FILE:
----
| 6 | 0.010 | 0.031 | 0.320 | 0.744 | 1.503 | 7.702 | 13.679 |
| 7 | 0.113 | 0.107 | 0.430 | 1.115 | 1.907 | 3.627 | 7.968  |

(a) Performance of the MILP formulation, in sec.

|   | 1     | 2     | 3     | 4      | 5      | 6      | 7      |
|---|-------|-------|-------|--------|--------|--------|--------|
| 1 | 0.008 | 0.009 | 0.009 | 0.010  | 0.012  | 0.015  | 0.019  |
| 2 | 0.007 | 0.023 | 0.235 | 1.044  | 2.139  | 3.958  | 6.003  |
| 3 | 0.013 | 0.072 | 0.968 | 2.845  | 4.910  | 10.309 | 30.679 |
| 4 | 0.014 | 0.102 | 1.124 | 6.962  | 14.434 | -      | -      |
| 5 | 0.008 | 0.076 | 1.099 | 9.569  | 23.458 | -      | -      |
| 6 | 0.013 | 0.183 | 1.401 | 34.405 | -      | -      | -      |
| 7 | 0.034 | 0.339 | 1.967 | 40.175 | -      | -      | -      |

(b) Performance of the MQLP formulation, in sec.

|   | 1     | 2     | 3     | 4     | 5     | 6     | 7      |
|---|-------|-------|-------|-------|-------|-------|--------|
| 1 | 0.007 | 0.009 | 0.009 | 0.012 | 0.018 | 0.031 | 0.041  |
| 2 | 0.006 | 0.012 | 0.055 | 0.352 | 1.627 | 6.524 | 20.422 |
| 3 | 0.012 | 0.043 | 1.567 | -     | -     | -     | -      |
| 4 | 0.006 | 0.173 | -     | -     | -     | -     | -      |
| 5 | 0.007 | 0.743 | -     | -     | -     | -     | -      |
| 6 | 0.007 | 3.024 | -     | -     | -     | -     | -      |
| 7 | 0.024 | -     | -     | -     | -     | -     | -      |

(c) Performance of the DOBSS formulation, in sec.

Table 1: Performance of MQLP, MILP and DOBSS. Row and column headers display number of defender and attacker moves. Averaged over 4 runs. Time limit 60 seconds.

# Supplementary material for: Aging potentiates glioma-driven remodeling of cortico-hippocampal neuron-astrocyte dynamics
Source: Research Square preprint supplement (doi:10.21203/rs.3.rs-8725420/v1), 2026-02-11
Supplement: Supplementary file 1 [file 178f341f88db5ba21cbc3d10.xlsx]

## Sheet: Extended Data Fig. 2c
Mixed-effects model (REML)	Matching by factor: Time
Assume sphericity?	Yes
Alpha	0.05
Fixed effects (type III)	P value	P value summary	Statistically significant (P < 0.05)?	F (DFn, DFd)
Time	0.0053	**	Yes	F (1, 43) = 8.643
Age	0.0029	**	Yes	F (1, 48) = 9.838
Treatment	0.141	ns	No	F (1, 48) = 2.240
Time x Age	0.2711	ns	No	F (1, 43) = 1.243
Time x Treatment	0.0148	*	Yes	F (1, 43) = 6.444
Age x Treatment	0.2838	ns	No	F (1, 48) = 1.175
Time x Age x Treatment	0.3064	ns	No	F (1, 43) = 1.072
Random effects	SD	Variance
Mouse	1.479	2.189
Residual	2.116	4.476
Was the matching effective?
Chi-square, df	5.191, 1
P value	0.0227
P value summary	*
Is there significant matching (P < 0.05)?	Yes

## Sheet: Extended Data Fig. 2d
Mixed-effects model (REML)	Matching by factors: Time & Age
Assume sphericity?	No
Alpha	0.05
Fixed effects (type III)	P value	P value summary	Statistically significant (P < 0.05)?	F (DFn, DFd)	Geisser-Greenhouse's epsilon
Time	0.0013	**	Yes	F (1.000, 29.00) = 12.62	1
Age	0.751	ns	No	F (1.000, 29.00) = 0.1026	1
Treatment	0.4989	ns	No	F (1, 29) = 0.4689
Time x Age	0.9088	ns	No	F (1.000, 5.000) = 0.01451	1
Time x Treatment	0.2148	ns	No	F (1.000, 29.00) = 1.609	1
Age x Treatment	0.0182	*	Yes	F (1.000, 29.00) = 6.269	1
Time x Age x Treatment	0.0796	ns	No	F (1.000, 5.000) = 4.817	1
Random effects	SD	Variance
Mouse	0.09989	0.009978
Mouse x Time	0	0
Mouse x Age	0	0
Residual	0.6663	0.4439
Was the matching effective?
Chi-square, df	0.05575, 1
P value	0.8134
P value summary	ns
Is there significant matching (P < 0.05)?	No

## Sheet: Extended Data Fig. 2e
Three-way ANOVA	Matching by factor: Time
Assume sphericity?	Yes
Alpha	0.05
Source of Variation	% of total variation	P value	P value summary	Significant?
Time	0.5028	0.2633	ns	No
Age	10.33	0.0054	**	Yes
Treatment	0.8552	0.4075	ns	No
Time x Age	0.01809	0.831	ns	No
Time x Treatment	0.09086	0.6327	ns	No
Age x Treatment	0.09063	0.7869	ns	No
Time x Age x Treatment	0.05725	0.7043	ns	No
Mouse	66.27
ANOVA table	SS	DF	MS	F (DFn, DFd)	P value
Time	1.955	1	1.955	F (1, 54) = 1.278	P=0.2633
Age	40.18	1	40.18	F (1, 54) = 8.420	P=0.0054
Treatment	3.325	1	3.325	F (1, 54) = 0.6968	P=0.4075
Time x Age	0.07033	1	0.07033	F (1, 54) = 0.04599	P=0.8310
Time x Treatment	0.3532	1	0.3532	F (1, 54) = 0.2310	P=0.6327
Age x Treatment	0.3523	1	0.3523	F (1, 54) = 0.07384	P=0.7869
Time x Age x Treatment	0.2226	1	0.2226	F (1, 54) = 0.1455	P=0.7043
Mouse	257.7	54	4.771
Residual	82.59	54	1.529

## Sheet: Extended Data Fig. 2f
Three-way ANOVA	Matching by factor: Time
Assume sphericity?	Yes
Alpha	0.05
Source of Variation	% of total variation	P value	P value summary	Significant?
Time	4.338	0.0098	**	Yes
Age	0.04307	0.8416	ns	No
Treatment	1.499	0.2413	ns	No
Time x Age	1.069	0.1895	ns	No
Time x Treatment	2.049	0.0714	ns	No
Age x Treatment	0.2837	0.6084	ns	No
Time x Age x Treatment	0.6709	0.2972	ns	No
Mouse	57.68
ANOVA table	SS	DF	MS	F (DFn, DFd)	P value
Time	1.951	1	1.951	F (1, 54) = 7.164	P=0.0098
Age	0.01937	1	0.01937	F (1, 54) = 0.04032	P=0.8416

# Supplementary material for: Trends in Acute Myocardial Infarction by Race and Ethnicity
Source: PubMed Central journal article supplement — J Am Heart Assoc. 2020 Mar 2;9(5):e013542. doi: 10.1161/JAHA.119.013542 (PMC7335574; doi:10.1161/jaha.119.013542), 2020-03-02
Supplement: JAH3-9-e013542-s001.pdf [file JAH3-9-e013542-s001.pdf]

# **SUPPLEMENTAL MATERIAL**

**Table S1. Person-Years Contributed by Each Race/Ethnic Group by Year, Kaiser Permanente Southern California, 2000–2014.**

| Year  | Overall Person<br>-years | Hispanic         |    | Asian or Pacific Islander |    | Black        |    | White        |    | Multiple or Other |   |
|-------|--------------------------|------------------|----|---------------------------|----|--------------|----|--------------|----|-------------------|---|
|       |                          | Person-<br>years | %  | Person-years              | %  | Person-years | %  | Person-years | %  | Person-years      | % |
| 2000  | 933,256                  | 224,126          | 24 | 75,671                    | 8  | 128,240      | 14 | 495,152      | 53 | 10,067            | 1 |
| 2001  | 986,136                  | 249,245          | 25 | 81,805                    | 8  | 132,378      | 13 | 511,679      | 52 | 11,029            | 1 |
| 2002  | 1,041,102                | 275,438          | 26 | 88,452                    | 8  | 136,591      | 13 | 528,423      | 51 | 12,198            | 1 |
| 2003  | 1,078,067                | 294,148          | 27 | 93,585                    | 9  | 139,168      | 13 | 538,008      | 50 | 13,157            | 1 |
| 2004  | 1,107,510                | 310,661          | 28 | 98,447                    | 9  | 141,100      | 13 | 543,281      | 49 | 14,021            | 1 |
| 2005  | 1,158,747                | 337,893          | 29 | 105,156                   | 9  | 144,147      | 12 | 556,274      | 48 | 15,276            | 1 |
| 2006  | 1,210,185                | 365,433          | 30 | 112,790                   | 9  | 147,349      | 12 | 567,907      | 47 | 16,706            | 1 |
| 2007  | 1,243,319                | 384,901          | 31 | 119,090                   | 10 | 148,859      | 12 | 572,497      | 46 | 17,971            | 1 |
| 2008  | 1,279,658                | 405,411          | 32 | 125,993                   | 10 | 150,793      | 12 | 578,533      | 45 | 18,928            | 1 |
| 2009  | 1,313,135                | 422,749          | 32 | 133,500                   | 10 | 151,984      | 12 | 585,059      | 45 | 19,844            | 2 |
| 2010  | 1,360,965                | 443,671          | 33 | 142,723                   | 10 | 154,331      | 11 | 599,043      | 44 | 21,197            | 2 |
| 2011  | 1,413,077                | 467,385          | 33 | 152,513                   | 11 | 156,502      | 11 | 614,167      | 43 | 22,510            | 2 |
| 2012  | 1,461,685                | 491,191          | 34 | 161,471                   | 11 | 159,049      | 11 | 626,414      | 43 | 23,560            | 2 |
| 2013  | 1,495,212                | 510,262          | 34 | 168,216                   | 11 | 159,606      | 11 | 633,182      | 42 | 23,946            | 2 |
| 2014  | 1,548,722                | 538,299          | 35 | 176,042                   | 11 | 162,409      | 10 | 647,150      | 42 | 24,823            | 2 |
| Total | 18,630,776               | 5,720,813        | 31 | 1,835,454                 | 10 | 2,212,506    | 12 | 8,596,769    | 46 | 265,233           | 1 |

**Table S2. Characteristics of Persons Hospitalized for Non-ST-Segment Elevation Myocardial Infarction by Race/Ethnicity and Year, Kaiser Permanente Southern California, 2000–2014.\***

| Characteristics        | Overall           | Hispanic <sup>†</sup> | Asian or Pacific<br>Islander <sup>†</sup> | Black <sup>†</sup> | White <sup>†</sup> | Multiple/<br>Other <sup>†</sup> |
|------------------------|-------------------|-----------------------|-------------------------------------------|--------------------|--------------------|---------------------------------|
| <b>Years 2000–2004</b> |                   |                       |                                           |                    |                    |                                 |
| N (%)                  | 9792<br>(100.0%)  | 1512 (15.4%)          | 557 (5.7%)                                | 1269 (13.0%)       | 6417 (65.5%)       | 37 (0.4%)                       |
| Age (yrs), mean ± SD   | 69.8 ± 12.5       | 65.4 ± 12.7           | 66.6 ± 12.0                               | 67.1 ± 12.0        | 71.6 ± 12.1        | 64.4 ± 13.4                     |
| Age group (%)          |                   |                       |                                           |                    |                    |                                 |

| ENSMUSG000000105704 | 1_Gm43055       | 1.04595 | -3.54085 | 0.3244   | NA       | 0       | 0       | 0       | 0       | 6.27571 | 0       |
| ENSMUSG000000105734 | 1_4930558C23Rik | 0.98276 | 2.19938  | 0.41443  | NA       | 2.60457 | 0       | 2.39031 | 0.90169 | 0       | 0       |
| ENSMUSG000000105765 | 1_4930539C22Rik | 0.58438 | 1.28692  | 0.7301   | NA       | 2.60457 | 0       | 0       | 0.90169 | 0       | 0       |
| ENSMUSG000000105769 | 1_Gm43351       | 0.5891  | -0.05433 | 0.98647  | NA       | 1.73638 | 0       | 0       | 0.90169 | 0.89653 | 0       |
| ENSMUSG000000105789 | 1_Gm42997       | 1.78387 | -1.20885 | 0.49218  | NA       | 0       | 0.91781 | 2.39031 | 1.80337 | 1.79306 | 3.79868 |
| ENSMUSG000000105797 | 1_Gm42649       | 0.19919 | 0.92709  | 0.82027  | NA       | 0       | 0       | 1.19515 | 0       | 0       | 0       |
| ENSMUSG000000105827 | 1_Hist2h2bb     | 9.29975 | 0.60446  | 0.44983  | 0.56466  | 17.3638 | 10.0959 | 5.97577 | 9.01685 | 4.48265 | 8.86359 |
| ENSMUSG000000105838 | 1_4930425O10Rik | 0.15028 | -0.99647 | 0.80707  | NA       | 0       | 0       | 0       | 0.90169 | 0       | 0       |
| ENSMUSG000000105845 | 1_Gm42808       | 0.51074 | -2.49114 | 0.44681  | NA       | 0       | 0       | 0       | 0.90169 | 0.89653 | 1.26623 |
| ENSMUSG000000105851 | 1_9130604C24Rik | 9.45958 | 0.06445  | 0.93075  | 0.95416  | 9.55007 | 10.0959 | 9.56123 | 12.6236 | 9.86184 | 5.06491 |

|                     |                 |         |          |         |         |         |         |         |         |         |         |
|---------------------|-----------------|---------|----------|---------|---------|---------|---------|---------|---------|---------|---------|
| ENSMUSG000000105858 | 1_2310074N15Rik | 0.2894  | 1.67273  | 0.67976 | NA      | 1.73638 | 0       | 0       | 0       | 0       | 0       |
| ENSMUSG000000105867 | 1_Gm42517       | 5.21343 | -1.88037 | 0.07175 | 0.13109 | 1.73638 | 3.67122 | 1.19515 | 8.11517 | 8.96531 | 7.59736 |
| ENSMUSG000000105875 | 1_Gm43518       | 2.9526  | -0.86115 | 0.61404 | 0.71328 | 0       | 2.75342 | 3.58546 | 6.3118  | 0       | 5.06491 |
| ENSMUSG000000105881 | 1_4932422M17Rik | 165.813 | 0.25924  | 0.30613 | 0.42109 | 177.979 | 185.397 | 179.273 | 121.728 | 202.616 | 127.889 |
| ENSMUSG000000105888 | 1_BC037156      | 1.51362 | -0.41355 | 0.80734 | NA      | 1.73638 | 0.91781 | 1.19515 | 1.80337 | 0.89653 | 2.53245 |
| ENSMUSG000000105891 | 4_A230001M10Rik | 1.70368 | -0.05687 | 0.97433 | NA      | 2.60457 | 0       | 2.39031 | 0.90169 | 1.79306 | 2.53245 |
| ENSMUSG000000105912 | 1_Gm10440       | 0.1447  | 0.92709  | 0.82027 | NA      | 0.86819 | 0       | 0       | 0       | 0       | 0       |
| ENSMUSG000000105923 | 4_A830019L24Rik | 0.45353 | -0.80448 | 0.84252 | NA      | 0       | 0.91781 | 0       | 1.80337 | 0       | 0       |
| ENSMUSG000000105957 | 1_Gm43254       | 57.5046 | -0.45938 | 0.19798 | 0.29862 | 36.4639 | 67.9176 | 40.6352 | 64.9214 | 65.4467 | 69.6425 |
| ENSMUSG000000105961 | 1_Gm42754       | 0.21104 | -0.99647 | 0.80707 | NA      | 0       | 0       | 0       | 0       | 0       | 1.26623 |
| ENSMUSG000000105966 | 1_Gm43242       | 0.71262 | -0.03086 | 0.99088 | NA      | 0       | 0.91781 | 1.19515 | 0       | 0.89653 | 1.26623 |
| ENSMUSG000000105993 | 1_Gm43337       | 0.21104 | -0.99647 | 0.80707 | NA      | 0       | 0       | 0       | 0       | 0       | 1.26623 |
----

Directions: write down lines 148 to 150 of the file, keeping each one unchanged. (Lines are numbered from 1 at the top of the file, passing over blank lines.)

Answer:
| ENSMUSG000000105845 | 1_Gm42808       | 0.51074 | -2.49114 | 0.44681  | NA       | 0       | 0       | 0       | 0.90169 | 0.89653 | 1.26623 |
| ENSMUSG000000105851 | 1_9130604C24Rik | 9.45958 | 0.06445  | 0.93075  | 0.95416  | 9.55007 | 10.0959 | 9.56123 | 12.6236 | 9.86184 | 5.06491 |

|                     |                 |         |          |         |         |         |         |         |         |         |         |